I read "The Red Pony First". There is a lot in "The Red Pony" which reminds me "Of Mice and Men". It is episodic. The first episode is "The Gift", which is about a child Jody, and his pony. It is beautiful, poignant, and ultimately painful. The second episode is "The Great Mountains". It actually is about a visitor to the same ranch that is the setting for first story. Jody and his family are in this story, along with an elderly visitor. The next episode is "The Promise" which is, more or less, a sequel to the first story. It is somewhat painful. The last episode is "The Leader of The People" which is a bittersweet story about a senior citizen member of the same family at the ranch. It is my personal favorite episode.
I completely enjoyed this novella "Of Mice And Men". It is a relatively short work. It was written in 1937, before The Grapes of Wrath. I had previously read The Grapes of Wrath. I enjoyed this book more. I have very little formal education in regard to literature. So my opinion may be very faulty. Anyway, I felt this work was a more artistic work than The Grapes of Wrath.
This work reminded me more of Ermest Hemingway. I was very impressed. As is common with many shorter works, the author leaves a lot of questions unanswered. The reader is left to speculate why certain issues develope and are resolved in certain manners. I felt all the aspects of the relationship between George and Lenny were slightly unclear. The book ended with me wishing I knew more about George. My guess is that is intentional on the part of Mr. Steinbeck.
I would like to note that I purchased this "Of Mice and Men" on Kindle and at the same time purchased the audiobook narrated by Gary Sinise. I felt Mr. Sinise was really excellent and I highly recommend the audiobook version as read by Mr. Sinise. Mr. Sinise really added to the pleasure of the reading experience with his very professional performance.
The story is about two men named George and Lennie as they try to find a way to make a living in California as farmhands. The pair are forced to be nomads due to the instability of Lennie, whom George takes it upon himself to care for. The only thing that keeps them both going is their dream of having a farm of their own one day, one where Lennie dreams of taking care of the rabbits, but the pair find out that this tiny beacon of hope may not be enough to get them through their current job.
The introduction informs the reader that this novella was not meant to be historically accurate, but rather an expression of the feelings and lives of the men who wandered to California from the dust bowl in search of work. As an emotional expression, it works very well and leaves the reader feeling the hopelessness engulfing the lives of the men just trying to find a way to get by. It's short, sad, sobering and well worth the short time it takes to read.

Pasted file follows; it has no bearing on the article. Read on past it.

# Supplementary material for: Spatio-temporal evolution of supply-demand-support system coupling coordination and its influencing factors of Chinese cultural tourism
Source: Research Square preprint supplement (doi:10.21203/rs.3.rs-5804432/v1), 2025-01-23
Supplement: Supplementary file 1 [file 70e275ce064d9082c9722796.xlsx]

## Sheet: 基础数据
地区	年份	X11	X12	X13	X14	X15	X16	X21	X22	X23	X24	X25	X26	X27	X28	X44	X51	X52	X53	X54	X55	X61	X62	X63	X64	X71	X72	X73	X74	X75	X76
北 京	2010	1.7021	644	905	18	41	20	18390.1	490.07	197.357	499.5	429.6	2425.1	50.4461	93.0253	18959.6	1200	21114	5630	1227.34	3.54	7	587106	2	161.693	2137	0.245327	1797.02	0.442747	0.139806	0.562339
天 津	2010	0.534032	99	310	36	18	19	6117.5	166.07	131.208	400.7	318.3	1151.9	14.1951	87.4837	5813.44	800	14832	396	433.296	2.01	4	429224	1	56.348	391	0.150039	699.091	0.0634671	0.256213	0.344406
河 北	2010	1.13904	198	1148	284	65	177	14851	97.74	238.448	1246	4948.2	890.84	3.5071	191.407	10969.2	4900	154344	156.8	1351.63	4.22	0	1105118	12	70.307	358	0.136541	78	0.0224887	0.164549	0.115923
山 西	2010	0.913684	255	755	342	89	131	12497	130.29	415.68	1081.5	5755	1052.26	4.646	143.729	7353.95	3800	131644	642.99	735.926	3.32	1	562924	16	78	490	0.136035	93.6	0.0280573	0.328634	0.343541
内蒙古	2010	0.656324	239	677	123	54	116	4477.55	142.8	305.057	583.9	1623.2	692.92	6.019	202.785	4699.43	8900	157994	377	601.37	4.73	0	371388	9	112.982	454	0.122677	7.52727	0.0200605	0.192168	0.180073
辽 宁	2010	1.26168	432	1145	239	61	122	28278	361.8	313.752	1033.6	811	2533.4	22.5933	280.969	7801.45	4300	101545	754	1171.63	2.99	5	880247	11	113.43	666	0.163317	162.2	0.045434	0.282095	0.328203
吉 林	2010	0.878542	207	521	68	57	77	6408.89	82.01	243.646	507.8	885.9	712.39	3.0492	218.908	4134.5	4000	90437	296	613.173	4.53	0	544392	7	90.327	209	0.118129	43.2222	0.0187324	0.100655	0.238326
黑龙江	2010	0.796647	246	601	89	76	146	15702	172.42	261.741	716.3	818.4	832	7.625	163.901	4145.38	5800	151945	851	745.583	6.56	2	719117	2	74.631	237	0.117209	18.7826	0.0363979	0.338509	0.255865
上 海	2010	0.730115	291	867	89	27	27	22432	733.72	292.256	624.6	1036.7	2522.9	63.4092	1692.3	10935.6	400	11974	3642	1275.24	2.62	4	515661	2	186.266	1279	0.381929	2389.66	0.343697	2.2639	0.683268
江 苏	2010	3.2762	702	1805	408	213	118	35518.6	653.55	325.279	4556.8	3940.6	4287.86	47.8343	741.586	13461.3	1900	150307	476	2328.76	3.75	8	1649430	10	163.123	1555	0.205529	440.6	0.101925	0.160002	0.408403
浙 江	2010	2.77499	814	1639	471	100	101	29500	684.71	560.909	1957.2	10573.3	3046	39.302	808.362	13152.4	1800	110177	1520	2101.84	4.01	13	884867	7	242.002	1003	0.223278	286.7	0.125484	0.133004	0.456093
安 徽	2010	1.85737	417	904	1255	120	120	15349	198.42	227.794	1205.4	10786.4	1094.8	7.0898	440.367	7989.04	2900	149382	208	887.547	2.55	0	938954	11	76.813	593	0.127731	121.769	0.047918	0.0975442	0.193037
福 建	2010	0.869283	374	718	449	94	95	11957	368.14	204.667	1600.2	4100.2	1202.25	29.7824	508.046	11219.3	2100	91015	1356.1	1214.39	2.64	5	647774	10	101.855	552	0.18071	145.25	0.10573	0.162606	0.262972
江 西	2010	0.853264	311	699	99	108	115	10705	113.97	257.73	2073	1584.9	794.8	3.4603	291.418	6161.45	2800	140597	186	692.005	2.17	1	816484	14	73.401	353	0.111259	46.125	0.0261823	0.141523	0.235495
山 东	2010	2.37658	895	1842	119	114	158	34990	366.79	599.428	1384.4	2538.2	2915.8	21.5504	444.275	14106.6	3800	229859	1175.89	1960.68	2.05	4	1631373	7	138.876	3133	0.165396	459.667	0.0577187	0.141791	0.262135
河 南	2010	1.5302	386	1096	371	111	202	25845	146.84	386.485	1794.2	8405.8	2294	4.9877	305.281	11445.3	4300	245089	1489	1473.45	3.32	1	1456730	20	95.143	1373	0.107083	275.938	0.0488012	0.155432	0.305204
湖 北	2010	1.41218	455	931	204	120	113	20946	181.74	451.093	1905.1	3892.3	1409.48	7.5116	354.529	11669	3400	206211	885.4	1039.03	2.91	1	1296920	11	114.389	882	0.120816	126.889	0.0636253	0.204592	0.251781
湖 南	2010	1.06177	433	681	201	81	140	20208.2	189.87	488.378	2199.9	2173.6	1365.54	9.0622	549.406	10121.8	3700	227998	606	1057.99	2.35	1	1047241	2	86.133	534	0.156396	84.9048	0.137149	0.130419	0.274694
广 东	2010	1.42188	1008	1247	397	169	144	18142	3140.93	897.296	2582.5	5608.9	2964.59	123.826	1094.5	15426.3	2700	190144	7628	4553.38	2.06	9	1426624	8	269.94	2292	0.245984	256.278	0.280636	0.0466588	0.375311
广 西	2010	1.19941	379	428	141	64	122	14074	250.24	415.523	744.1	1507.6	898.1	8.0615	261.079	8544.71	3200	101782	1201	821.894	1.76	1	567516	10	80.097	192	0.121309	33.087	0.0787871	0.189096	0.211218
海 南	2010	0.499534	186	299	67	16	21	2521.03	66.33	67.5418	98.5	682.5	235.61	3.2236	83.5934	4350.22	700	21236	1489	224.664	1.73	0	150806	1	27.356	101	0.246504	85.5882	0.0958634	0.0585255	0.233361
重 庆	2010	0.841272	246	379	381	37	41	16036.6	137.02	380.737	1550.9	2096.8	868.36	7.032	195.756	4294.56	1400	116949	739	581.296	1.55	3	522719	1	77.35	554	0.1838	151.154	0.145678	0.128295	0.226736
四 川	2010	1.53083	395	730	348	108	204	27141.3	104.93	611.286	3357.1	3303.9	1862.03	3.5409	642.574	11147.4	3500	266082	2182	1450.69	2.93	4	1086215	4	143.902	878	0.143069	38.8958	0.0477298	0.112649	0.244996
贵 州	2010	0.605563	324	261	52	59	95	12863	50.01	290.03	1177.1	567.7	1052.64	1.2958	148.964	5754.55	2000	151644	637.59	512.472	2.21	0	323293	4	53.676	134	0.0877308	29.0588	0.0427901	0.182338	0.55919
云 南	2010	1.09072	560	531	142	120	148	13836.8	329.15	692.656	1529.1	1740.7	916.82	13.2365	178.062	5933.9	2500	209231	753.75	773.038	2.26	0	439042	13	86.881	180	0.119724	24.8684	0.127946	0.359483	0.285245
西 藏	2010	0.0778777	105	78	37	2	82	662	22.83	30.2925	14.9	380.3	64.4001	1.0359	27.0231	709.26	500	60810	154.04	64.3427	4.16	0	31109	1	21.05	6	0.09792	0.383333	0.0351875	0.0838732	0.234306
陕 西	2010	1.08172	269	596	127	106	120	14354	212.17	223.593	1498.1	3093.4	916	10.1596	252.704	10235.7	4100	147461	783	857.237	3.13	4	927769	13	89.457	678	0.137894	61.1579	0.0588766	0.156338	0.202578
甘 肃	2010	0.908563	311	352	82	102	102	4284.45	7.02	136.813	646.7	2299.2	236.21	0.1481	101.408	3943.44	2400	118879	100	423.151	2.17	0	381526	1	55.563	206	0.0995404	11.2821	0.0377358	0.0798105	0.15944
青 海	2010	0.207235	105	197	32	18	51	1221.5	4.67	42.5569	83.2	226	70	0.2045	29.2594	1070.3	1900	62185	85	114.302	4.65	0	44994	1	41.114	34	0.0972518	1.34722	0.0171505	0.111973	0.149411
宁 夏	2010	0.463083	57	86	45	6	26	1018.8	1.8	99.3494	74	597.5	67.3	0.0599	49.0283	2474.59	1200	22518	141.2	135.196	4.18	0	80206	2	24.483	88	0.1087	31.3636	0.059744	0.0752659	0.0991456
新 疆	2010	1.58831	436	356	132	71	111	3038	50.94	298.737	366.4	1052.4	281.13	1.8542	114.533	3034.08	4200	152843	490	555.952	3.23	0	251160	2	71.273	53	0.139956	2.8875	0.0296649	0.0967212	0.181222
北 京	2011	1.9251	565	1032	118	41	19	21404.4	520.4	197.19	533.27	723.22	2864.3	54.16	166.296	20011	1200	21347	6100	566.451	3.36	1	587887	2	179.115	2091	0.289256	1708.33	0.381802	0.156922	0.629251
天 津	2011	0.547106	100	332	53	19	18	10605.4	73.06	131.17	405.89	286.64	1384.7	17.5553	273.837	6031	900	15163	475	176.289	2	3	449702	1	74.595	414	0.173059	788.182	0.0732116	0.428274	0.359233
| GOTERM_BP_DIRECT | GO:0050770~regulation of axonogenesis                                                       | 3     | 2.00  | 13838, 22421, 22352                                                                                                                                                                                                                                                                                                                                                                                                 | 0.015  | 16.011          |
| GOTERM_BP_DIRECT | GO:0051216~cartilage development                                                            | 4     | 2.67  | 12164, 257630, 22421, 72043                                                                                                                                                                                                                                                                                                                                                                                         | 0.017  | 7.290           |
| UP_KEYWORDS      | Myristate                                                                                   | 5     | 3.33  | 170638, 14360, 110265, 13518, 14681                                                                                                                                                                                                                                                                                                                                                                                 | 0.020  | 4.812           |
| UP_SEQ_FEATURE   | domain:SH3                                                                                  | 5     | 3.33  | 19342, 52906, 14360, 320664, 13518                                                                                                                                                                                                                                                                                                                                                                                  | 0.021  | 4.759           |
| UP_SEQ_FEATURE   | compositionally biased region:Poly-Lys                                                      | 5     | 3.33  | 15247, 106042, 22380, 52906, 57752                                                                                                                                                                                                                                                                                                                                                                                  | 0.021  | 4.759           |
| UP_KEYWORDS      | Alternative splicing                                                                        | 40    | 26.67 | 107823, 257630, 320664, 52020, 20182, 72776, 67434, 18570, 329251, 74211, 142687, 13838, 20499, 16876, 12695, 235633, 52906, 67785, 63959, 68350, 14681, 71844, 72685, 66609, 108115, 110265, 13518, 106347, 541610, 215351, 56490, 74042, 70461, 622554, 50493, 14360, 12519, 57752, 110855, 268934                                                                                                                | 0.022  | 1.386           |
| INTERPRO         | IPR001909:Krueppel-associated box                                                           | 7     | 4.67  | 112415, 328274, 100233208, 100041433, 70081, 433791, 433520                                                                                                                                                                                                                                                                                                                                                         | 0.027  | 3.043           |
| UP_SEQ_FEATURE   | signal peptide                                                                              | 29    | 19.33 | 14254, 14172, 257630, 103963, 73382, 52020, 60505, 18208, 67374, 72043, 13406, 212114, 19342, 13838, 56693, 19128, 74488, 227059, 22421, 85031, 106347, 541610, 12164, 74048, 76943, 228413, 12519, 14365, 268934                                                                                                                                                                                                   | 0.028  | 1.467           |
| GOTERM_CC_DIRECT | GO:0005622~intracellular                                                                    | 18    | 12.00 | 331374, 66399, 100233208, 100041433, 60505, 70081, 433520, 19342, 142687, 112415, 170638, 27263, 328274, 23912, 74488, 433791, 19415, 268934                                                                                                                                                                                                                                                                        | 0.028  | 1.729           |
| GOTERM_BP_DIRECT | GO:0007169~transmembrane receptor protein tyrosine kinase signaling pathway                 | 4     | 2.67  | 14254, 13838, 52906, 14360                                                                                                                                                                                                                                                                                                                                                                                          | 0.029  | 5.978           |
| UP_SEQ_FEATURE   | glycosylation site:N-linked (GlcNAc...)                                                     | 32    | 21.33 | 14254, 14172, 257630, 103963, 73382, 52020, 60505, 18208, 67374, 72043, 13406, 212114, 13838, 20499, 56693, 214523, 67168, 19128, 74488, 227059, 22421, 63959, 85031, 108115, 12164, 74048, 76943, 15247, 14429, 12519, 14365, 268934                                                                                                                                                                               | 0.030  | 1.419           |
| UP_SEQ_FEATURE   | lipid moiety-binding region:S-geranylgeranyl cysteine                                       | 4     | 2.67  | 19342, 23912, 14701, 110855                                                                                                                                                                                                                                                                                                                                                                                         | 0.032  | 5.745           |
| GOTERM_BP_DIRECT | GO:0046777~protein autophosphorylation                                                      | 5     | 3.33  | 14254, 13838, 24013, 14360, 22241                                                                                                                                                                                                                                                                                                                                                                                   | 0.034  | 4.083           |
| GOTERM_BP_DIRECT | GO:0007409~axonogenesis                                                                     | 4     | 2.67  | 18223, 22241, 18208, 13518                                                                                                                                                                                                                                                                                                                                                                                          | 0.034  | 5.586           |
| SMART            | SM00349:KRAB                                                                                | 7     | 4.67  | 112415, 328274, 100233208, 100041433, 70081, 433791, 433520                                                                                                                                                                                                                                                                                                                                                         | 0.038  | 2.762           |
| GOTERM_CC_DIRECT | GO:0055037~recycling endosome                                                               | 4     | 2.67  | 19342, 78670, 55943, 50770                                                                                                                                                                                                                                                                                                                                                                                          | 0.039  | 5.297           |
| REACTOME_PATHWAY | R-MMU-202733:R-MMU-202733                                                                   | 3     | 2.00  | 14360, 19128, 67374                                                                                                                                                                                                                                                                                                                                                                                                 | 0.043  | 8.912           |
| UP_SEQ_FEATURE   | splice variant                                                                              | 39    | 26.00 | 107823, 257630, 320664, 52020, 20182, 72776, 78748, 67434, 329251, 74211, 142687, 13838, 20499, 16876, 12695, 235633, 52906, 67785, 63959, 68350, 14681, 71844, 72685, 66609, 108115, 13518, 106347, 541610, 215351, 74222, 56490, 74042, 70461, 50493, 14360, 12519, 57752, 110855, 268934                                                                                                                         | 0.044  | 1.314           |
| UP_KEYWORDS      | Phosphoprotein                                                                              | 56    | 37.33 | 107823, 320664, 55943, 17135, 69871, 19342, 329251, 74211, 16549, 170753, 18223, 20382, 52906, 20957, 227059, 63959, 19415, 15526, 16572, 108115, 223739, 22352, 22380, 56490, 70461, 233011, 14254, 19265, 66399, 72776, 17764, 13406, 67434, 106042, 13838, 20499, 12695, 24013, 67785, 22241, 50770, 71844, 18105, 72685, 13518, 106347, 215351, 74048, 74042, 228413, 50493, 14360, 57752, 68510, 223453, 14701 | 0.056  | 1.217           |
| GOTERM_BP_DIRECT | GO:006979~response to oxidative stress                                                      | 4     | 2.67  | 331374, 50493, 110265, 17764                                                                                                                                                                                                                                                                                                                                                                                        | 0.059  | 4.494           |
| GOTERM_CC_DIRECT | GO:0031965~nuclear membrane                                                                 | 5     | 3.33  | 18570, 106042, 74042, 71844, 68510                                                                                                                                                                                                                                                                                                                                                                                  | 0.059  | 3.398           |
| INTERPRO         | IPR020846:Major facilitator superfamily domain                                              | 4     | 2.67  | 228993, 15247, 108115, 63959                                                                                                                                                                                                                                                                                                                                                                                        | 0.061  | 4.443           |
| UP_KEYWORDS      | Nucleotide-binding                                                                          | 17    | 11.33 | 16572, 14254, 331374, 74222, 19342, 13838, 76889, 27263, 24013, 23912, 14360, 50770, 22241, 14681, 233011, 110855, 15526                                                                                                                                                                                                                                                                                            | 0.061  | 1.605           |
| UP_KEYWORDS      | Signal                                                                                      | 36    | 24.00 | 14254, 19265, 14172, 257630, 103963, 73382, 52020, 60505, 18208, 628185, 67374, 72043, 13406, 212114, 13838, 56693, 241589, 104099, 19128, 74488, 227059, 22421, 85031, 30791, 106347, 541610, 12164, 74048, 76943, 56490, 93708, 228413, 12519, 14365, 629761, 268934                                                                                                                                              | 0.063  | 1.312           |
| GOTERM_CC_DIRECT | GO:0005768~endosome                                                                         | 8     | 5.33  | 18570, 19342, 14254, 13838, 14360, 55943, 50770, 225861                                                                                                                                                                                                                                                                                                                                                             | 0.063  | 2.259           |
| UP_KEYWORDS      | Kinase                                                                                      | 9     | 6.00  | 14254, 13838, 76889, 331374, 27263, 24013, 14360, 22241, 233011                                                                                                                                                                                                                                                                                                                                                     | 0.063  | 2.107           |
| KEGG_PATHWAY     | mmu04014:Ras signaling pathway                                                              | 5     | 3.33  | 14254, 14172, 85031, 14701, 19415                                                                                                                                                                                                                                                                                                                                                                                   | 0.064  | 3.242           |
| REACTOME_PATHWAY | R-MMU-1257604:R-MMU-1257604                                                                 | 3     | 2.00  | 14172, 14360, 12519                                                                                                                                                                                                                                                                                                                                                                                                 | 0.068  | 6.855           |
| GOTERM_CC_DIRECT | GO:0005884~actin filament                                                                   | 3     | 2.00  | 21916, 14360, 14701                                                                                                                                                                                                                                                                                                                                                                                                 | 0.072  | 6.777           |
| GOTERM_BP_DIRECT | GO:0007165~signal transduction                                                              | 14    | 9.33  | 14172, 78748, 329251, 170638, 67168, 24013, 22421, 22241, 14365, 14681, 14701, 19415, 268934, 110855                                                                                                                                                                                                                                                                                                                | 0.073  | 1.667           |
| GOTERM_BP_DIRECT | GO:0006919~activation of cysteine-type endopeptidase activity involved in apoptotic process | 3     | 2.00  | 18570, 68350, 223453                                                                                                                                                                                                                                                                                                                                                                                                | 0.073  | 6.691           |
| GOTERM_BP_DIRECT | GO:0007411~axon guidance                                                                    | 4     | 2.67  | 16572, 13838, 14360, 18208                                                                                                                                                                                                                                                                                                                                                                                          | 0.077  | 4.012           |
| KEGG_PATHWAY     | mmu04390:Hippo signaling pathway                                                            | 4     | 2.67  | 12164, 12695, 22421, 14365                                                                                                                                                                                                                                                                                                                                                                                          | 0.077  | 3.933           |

Top reviews from other countries
There were questions at the end of the book that you could answer that helped her to understand the context, content, author and characters better.
My daughter tells me Of Mice and Men is a detailed and intricate story written in the 1930s by John Steinbeck. It tells the story of George and Lennie, two migrant ranch workers, sharing a dream of one day owning their own ranch and also their struggle of trying to survive due to lack of money. The book also includes the most important issues regarding society in America during the great depression which were my daughters GCSE topics for this novel such as racism, sexism, prejudice and the American Dream. It is a highly thought provoking story wherein the simplest of sentences has a profound deeper meaning.
Overall it’s a very good book with useful summarised pages and questions that make it easy to understand and use as a revision tool for GCSE English Literature. I would definitely recommend it for anyone who either is doing this for their GCSEs or has a teenager that is.
Lennie and George are two immortal characters that live well beyond the pages of this book. It is a heart-breaking story of loyalty and love, of friendship and society, and of hope and despondency. Lennie is the main discussion point in the book and it is such a sad story about the impact of a serious personality disorder, and how it can have devastating consequences to the person and those around them. I did, however, think a lot about George and how he had enabled the friendship to grow and how he tried to provide a protective shield around Lennie. He was constantly driving Lennie to remember statements he needed to recite if challenged or actions he needed to follow if confronted. They dreamed and talked constantly about the smallholding they had been saving for. They would have different crops and animals (particularly rabbits for Lennie) and be masters of their own domain. Life can be cruel when hope and aspirations can be dashed with an unforeseen event and twist of fate.